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A federal judge denies Trump's request for new trial in E. Jean Carroll legal saga

E. Jean Carroll walks out of federal court in Manhattan, May 9, 2023, in New York. A federal judge has denied former President Donald Trump's request for a new trial in the E. Jean Carroll defamation case.
John Minchillo
/
AP
E. Jean Carroll walks out of federal court in Manhattan, May 9, 2023, in New York. A federal judge has denied former President Donald Trump's request for a new trial in the E. Jean Carroll defamation case.

A federal judge has rejected former President Donald Trump's motion for a new trial in the civil case brought by the writer E. Jean Carroll.

A jury had previously found Trump liable for sexually abusing Carroll and defaming her, and awarded her $5 million in damages.

Senior district Judge Lewis A. Kaplan of the U.S. District Court for the Southern District of New York wrote in an order issued Wednesday that the jury in the case did not reach "a seriously erroneous result" and its verdict is not "a miscarriage of justice," as Trump had alleged.

"Now that the court has denied Trump's motion for a new trial or to decrease the amount of the verdict, E Jean Carroll looks forward to receiving the $5 million in damages that the jury awarded her," Robbie Kaplan, Carroll's attorney said in a statement.

Attorneys for Trump didn't immediately comment on the decision.

The ruling came a weekafter the U.S. Justice Department declined to shieldTrump from Carroll's other defamation claim, reversing course on one of its most controversial decisions during the early stretch of the Biden administration.

Carroll filed this first defamation lawsuit three years ago. At that time, then-Attorney General Bill Barr sided with Trump and said the former president had been acting within the bounds of his office as president. But Judge Kaplan had rejected that position — only to watch as the new Biden attorney general, Merrick Garland, also extended a legal shield to Trump.

The change in course added yet another legal burden for Trump, who is fighting criminal charges over accounting for alleged hush money payments in Manhattan, separate federal charges for alleged obstruction and willful retention of highly classified documents at his Florida resort, and a grand jury investigation in Georgia over his attempts to overturn the results of that 2020 presidential election in that state.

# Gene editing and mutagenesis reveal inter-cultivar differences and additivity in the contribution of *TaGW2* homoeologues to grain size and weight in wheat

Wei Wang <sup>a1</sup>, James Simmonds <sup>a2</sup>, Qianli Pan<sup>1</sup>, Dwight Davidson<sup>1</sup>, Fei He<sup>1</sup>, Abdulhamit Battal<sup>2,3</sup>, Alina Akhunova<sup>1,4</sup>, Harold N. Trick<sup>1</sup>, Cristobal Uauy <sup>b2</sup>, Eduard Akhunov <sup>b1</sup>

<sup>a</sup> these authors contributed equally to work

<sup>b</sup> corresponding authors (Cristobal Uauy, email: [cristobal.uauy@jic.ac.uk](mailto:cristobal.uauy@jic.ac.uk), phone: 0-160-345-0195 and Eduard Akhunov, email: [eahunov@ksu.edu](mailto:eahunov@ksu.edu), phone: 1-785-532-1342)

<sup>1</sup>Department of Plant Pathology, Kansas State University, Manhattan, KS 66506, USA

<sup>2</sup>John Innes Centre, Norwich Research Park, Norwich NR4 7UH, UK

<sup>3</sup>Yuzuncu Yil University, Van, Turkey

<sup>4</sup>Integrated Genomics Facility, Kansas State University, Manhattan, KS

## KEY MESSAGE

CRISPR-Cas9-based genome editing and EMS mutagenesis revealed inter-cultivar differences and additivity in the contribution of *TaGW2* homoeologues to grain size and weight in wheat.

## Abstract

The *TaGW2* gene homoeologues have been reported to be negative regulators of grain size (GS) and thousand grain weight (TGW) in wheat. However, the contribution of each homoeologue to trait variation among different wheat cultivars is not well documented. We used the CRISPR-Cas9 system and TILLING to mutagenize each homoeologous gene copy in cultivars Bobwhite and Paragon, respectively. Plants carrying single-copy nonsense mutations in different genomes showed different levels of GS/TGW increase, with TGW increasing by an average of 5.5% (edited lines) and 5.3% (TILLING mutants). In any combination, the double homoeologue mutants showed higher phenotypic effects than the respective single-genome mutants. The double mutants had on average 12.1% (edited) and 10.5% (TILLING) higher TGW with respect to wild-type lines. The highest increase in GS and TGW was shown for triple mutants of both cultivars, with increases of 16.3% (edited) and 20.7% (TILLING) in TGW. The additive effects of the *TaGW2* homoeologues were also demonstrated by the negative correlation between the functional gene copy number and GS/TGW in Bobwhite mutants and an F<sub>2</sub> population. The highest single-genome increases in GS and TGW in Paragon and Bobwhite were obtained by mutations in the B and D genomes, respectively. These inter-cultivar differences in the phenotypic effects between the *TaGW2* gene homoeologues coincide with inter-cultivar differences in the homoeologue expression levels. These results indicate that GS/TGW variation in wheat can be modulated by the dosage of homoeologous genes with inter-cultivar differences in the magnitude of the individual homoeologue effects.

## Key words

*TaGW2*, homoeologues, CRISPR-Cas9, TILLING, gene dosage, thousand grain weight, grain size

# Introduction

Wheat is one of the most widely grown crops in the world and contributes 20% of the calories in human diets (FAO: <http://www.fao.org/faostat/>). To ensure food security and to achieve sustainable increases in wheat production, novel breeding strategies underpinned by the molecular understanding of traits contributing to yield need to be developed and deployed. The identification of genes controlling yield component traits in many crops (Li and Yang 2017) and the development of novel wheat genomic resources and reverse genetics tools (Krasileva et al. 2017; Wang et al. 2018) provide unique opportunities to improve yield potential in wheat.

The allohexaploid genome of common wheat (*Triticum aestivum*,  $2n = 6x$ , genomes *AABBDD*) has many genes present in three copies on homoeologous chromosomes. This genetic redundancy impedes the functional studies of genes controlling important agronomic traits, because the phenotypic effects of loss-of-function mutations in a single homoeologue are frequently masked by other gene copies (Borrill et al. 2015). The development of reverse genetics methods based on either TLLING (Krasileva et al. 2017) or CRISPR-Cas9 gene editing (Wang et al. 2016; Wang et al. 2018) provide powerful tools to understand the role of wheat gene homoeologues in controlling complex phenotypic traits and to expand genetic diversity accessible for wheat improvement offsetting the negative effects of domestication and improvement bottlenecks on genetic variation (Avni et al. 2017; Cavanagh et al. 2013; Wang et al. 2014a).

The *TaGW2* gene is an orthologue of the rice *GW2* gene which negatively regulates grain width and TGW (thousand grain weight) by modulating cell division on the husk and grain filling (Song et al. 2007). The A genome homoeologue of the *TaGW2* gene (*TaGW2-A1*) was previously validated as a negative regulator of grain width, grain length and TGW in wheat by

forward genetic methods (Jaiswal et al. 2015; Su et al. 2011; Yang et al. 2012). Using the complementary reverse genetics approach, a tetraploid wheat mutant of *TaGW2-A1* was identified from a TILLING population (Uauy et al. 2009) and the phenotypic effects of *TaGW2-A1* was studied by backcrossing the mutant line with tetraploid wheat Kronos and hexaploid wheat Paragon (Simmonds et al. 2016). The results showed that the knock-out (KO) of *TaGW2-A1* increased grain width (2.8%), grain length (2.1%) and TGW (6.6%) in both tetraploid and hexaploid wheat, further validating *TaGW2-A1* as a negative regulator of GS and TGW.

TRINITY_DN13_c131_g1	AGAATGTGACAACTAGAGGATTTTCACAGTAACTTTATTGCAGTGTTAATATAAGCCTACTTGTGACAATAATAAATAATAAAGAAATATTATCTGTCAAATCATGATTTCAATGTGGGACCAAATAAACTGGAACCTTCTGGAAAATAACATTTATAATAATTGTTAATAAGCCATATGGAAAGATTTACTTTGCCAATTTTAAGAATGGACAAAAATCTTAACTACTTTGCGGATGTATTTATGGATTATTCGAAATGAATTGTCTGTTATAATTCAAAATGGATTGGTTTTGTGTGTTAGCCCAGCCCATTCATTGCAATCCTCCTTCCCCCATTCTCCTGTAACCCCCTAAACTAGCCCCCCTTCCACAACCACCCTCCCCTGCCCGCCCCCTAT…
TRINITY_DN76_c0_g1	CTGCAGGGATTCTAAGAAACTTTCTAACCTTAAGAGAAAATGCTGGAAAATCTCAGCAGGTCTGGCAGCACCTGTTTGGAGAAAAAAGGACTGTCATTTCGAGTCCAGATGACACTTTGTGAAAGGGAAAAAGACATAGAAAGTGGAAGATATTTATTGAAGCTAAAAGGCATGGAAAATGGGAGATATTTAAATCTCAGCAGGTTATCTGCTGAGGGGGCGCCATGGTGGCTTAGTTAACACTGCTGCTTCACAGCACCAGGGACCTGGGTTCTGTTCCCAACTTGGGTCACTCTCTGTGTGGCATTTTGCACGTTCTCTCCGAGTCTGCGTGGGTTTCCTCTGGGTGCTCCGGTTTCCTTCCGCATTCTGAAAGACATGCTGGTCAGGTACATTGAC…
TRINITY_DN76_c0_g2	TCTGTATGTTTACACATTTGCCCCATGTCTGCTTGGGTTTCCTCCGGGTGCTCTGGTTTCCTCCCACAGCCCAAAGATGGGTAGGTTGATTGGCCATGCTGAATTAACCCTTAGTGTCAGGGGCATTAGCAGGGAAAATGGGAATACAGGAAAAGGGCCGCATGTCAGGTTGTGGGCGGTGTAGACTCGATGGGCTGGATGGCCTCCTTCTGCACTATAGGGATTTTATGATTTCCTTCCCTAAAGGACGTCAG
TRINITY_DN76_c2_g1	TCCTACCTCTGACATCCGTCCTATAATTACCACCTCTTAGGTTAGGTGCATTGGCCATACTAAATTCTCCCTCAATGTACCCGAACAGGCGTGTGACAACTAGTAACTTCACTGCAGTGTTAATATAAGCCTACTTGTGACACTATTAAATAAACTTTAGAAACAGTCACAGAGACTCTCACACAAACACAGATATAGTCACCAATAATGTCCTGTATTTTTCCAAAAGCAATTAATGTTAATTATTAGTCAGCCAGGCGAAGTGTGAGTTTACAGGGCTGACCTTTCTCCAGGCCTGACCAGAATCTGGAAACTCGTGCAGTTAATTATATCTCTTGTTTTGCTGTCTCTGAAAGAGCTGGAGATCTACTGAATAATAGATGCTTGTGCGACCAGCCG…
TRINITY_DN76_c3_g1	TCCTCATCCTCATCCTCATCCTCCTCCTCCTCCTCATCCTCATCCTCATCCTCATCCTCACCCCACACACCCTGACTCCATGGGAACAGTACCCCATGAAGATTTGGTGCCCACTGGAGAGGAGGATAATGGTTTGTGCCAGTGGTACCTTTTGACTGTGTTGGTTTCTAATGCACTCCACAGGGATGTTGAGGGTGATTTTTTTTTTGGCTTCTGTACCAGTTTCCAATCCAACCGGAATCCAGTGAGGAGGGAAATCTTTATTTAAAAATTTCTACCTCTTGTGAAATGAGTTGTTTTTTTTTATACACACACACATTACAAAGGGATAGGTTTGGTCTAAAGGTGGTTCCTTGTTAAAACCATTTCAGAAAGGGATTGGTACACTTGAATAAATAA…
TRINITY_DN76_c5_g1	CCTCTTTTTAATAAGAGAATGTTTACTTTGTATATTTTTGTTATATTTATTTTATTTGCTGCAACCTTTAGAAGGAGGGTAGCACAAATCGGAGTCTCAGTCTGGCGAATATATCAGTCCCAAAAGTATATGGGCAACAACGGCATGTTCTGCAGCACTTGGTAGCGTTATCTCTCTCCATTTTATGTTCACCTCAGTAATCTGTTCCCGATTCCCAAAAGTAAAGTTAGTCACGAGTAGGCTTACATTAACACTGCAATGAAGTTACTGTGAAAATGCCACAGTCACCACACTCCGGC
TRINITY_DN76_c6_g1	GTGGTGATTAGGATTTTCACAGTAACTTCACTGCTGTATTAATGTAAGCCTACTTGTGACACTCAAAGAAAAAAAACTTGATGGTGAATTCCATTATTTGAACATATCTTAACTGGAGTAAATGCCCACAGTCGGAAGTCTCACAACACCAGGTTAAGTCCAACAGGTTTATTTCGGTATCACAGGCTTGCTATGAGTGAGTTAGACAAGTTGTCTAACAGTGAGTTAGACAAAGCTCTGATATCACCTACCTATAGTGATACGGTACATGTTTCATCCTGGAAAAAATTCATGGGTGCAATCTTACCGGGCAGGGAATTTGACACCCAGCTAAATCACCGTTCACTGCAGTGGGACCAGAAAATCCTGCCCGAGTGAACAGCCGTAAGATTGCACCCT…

Separately, on Tuesday, Trump said that he had received word from the Justice Department that he's a target of the grand jury probe into efforts to overturn the 2020 election. An indictment could be imminent.

Rewind to the start of the Carroll legal case

In 2019, Carroll first publicly came forward saying Trump had raped her in a department store dressing room in the 1990s when the future president was just a businessman.

She made the allegations with the publication of her memoir What Do We Need Men For: A Modest Proposal.

Trump responded, denying the accusation and saying that the writer had ulterior motives.

Carroll sued Trump — twice (in 2019 and later in 2022) — for his public rebuke of her accusation.

The columnist filed the second lawsuit against Trump (this time for both defamation and rape) after the state of New York lifted the statute of limitations for survivors of sexual assault to file civil claims.

In May, jurors sided with her in this case. The jury didn't find Trump raped Carroll, however. The jury awarded her $5 million in total damages agreeing that he "sexually abused" her and that he defamed her when he denied her story.

But this case, much like Trump's criminal cases, is far from over.

Her first lawsuit filed in 2019, referred to as Carroll I in the court, was filed for Trump's alleged defamatory statements. Following her victory in May, Carroll and her lawyers asked a court to expand the scope of the Carroll I case against Trump, seeking at least an additional $10 million in damages.

Kaplan also said in her statement to NPR that Carroll "also looks forward to continuing to hold Trump accountable for what he did to her at the trial in Carroll I, which is scheduled to begin on January 15, 2024."

Copyright 2023 NPR. To see more, visit https://www.npr.org.